Breastfeeding moms face some seriously significant challenges: There's midnight feedings, pumping breaks at work, and constant shame when you need to feed your baby in public. But there's one breastfeeding hardship that flies so far under the radar, many moms aren't even aware of it until they're personally affected.
The issue is mastitis, a painful infection of the breasts that affects some nursing women. The issue generally rears its head during the first few months, and in addition to sore, red breasts, women may experience fever and body aches.
British mother Remi Peers is among these women—and like so many mothers out there, the infection took Peers by surprise. By sharing her own experience in an Instagram post last year, Peers is bringing some much-needed attention to mastitis.
"I remember waking up at 3am shivering, putting on my dressing gown and extra blankets and trying to feed my son. The pain. It was excruciating. I was shaking and sweating but freezing to my bones. At 5 am I woke up my boyfriend and told him I thought I needed to go to the hospital. We got my stepdad, a doctor, he took my temperature and said it was slightly high, but to take a paracetamol and try and sleep. 7am comes, I've had no sleep, and now I'm vomiting, he takes my temp again. 40 c. I had developed sepsis overnight. This was because I was not able to recognise the more subtle signs of mastitis (as I had seen no redness that day)," she wrote in the viral post.
"I was rushed to resus, given morphine, anti sickness and the strongest antibiotics they could give, and separated from my baby for two nights. I was Heartbroken. During my hospital stay, I repeatedly asked for a pump, because if I didn’t drain the breast my mastitis would get worse (and it did). The nurse’s response was ‘we’re having trouble finding one as we don’t get many breastfeeding mothers here.’”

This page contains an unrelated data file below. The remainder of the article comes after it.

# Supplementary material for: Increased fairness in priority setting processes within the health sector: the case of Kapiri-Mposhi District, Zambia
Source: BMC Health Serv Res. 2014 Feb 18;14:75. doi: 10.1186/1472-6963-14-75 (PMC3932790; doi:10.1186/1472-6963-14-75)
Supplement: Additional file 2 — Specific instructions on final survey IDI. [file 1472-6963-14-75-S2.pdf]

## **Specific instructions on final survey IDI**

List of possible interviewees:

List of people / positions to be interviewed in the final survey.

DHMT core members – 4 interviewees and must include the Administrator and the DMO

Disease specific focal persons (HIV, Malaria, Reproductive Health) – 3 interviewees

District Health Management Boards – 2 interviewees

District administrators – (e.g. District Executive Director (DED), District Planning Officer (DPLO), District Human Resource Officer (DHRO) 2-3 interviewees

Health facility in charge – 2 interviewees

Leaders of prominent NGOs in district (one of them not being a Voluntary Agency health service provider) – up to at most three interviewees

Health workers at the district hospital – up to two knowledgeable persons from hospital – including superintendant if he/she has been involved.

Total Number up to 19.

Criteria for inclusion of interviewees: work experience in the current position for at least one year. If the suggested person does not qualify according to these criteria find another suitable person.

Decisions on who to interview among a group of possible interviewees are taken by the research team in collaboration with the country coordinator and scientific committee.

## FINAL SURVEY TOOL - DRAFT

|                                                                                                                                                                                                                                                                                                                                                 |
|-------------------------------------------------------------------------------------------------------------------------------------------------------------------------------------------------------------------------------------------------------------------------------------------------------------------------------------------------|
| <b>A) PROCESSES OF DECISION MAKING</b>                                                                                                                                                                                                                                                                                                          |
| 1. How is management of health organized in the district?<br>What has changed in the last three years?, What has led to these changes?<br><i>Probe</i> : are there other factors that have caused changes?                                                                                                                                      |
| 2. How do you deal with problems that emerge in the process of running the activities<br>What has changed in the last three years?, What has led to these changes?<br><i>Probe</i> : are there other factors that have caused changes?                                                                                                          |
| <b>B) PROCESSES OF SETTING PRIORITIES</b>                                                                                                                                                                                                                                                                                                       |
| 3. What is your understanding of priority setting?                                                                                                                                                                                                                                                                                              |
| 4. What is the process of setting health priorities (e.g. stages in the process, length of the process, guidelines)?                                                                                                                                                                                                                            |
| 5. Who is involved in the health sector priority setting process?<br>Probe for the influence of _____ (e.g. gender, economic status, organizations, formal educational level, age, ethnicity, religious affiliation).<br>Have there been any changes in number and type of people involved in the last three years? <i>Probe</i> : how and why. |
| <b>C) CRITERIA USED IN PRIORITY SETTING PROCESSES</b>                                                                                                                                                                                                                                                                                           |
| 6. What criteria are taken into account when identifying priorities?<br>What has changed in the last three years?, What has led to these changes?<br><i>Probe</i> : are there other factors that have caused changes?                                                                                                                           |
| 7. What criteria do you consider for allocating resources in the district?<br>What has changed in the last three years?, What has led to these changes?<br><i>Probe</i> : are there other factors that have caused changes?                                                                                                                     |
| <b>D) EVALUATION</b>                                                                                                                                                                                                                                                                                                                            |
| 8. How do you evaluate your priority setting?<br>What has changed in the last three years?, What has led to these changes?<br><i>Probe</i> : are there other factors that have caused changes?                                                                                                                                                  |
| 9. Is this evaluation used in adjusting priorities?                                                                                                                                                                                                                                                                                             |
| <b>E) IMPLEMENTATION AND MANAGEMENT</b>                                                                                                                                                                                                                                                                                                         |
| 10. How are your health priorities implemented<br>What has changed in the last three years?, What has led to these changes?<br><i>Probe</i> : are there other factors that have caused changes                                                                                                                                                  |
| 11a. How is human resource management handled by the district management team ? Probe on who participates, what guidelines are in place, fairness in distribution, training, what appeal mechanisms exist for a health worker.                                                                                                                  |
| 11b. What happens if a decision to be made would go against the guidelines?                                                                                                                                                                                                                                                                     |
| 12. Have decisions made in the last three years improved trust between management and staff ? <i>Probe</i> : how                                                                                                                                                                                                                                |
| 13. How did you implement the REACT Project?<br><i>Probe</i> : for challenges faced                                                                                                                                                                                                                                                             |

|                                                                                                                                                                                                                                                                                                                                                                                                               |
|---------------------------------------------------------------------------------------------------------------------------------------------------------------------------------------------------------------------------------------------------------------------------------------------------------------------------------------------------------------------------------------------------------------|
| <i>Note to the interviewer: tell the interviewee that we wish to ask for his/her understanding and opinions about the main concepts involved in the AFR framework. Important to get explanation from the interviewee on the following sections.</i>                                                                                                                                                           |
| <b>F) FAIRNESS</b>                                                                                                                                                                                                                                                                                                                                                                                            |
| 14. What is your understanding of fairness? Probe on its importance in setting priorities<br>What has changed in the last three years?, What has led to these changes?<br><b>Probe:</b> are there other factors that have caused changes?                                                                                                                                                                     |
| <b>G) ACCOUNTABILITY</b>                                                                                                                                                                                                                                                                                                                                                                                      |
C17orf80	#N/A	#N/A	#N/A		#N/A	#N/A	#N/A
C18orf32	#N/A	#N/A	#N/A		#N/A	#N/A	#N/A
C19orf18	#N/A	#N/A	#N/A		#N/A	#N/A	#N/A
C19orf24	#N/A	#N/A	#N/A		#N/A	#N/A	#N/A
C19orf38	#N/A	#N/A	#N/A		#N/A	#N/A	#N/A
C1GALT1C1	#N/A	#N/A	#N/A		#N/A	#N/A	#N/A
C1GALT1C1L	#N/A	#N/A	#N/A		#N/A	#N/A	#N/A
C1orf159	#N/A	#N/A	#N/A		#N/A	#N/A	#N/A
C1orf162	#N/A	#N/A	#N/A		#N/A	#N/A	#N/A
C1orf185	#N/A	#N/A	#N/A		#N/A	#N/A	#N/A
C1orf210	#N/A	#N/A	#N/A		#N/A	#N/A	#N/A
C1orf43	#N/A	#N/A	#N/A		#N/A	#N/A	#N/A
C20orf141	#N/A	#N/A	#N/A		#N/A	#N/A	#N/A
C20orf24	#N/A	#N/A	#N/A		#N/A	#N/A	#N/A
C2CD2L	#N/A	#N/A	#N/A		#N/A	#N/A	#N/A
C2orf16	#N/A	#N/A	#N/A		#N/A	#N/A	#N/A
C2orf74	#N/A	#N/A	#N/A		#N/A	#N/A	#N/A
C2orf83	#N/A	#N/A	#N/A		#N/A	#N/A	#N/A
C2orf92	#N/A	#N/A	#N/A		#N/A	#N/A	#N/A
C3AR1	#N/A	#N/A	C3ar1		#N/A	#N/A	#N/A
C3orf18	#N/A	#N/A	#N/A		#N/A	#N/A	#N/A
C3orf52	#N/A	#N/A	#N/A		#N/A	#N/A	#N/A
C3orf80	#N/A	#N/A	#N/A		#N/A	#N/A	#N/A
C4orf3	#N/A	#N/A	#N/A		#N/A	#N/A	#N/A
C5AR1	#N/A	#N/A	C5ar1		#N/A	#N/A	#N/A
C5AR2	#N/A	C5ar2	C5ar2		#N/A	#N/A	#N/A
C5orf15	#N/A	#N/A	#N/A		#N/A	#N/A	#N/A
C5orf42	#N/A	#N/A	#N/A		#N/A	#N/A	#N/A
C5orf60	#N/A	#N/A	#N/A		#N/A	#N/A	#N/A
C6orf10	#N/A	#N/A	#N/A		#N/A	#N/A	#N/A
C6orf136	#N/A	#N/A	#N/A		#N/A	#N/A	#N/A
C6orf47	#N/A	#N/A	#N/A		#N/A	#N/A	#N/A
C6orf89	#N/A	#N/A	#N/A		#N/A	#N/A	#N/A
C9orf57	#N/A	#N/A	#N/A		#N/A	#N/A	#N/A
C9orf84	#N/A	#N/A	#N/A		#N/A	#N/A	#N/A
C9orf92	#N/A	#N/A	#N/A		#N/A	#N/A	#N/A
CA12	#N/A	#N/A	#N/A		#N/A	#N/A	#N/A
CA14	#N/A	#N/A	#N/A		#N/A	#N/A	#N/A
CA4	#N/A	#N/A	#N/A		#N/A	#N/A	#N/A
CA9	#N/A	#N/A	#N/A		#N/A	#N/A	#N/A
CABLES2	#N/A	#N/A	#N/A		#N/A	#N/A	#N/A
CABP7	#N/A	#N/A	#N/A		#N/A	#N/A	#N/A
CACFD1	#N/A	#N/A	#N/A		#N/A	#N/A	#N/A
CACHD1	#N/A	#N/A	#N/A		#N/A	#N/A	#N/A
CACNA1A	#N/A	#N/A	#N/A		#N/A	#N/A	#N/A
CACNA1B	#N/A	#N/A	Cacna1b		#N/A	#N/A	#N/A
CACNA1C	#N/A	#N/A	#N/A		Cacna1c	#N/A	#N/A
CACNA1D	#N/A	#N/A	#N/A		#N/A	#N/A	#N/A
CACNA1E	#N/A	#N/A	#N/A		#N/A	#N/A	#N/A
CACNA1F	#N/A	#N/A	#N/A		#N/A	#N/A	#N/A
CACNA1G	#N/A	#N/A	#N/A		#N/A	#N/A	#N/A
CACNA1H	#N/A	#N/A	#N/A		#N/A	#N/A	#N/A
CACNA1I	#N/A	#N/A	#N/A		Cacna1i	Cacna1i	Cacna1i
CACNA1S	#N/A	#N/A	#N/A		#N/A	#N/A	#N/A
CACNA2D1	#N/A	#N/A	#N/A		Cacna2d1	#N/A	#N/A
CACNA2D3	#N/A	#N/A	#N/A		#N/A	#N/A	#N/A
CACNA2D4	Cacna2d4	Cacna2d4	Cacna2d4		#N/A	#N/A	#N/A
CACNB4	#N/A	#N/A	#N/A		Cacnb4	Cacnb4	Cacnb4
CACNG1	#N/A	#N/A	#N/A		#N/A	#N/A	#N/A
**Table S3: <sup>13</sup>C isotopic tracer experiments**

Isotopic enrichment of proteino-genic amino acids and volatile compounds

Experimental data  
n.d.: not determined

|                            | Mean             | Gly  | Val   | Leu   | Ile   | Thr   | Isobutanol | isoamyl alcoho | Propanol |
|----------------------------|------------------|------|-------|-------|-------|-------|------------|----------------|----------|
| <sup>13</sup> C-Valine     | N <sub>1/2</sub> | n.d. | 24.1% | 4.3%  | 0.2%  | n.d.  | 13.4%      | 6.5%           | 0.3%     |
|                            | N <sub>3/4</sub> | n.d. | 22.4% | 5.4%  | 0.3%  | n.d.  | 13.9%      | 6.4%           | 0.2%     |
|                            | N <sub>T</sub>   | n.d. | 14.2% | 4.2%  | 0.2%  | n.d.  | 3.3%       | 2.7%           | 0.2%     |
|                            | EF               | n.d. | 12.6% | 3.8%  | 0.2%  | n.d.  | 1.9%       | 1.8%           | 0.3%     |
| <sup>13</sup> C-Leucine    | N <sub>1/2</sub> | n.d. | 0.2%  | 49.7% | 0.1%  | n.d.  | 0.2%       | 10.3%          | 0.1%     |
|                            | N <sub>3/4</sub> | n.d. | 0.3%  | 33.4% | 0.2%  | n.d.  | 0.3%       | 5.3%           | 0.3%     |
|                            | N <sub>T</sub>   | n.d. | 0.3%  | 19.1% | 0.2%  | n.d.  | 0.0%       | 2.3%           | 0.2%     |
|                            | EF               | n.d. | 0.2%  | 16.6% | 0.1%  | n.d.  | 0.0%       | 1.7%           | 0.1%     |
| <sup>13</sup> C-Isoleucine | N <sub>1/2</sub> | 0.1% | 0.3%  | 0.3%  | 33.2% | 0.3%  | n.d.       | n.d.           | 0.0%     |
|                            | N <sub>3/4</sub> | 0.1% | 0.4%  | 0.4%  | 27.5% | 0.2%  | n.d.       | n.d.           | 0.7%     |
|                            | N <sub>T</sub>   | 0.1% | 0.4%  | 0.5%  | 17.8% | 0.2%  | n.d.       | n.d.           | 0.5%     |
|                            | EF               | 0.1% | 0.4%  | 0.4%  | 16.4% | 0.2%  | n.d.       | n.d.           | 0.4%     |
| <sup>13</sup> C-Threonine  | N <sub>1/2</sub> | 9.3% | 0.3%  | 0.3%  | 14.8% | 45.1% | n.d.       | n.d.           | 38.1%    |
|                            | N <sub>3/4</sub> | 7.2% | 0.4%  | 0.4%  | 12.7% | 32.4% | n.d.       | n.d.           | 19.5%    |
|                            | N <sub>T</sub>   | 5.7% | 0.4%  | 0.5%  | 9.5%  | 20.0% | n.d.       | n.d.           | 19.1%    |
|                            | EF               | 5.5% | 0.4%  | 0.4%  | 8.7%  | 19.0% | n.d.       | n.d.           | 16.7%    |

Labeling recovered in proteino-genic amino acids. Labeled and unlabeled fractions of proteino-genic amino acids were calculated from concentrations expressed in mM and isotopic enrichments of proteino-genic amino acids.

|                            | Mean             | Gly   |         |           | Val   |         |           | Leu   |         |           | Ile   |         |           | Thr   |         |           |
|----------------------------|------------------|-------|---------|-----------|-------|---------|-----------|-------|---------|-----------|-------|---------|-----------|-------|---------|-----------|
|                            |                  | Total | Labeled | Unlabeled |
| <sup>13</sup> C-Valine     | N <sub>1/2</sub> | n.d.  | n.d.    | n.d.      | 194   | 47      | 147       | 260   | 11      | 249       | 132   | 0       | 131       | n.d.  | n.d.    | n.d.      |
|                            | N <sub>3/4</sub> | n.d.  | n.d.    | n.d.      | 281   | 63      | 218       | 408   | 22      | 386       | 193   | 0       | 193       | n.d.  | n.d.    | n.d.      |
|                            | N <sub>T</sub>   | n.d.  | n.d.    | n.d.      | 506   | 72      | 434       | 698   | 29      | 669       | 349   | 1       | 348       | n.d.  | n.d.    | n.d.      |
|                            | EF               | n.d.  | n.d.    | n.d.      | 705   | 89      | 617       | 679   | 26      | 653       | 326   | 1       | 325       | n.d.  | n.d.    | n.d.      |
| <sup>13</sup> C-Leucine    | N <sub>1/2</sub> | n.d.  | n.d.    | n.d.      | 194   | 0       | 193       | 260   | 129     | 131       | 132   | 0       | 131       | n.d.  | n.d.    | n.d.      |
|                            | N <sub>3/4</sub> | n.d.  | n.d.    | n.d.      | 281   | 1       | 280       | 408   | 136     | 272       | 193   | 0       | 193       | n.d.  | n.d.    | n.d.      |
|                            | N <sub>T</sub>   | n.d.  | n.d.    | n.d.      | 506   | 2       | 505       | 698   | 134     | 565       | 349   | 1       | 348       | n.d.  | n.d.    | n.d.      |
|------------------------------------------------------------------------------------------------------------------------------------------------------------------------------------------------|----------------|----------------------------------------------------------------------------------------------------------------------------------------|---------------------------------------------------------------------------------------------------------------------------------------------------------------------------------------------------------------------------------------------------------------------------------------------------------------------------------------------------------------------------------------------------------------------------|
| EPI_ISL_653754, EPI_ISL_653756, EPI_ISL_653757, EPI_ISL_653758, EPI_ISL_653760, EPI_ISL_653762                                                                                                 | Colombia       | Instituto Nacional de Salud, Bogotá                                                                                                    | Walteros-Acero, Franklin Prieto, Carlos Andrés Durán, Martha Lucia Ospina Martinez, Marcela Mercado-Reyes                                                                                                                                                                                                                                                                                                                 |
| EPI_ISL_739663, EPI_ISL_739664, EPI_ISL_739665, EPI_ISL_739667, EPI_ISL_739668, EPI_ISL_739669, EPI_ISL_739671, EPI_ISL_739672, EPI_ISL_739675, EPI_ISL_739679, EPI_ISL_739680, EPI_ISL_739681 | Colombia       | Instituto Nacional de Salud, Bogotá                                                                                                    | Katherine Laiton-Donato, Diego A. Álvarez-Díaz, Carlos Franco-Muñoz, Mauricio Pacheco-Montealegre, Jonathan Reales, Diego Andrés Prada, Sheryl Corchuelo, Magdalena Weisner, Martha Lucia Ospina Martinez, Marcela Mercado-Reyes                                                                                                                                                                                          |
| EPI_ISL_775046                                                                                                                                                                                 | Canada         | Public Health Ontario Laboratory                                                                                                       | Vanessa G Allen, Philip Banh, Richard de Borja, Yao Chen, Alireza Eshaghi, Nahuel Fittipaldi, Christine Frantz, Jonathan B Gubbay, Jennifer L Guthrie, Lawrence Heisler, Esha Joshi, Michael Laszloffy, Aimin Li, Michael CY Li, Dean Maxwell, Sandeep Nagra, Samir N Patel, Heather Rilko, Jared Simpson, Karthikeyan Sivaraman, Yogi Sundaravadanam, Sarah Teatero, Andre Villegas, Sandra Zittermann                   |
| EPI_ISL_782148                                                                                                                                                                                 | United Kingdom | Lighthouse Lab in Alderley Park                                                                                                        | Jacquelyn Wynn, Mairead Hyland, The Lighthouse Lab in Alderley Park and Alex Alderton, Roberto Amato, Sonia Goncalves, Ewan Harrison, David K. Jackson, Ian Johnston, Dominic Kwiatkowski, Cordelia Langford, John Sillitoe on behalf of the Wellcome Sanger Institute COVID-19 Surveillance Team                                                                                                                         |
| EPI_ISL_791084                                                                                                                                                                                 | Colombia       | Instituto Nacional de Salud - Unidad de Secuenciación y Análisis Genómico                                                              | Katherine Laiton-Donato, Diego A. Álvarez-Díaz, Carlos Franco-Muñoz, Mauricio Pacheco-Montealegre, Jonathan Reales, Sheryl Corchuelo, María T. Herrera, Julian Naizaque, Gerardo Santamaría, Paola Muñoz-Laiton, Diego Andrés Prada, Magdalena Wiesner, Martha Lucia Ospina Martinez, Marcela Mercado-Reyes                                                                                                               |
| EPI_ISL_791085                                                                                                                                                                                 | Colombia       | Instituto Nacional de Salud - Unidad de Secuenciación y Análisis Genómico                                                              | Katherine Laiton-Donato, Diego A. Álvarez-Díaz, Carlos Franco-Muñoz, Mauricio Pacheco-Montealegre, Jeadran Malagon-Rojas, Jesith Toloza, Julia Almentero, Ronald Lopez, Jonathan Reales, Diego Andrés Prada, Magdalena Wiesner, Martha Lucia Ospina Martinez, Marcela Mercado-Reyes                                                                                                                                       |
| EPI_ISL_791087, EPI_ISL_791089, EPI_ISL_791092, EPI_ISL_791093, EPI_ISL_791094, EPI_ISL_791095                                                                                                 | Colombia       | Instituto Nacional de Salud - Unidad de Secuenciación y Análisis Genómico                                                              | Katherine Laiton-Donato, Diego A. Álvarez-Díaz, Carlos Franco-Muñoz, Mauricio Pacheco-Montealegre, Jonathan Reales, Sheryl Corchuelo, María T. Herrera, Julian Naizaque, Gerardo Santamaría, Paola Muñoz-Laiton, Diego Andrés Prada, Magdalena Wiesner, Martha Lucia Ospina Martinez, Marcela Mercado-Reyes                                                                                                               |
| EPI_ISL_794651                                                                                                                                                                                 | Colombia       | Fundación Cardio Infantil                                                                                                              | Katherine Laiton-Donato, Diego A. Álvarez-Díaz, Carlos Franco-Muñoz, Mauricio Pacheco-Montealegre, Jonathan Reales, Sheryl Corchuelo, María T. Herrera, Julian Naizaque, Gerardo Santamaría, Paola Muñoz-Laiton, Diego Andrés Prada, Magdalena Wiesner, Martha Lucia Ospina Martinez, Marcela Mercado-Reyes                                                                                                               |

Peers, who admitted that breastfeeding didn't come easily to her, made an important point: Mastitis isn't just a painful and scary condition, it's also an issue that speaks to a larger parenting struggle.
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"Women are not expected to give birth alone, but somehow today they are expected to breastfeed alone, and not share their experience with others, and this is why so many breastfeeding relationships end before they've even really started," she wrote. "The breastfeeding rates in the UK are shockingly low. The health system, and society in general is failing breastfeeding mothers. I see many professionals push breast is best almost aggressively in some cases, and yet there is no real support post baby. Breastfeeding is HARD, it needs to be taught and it needs to be learned. Just like walking, talking, reading and writing- it may be natural, but it does not always come naturally."
Peers isn't the first mother to share her mastitis story: Lindsey Bliss, a doula and breastfeeding mom, uploaded a photograph showing the painful condition while nursing her baby, but this isn't your standard #brelfie: Bliss's breast is clearly red and inflamed in the photo.
"When a good boob goes bad - AGAIN! I literally wanted Dan to bring me to the ER last night due to the most EPIC engorged boob, full body shakes, and a crushing headache. On the mend today from my bed. Why does this keep happening?" the mom captioned the breastfeeding photo.
"It literally feels like someone kicked me in the breast," Bliss told Cosmopolitan. "No one really warns you about how powerful mastitis is. Your boob can cause a full body shut down...You always see these flawless goddess photos of breastfeeding, and no one discusses or shows when shit gets crazy. Yes, [you might think] breastfeeding is the best thing for your child, but it isn't always unicorns and rainbows. Sometimes it just sucks."
While more and more moms are opening up about mastitis, there's not enough information available to new mothers where this breastfeeding complication is concerned. It's a common issue that has many mothers so thrown, they stop breastfeeding completely when it sets in (though ironically breastfeeding is actually the best to clear up mastitis).
But women like Peers and Bliss are bringing change in the best possible way—by educating others.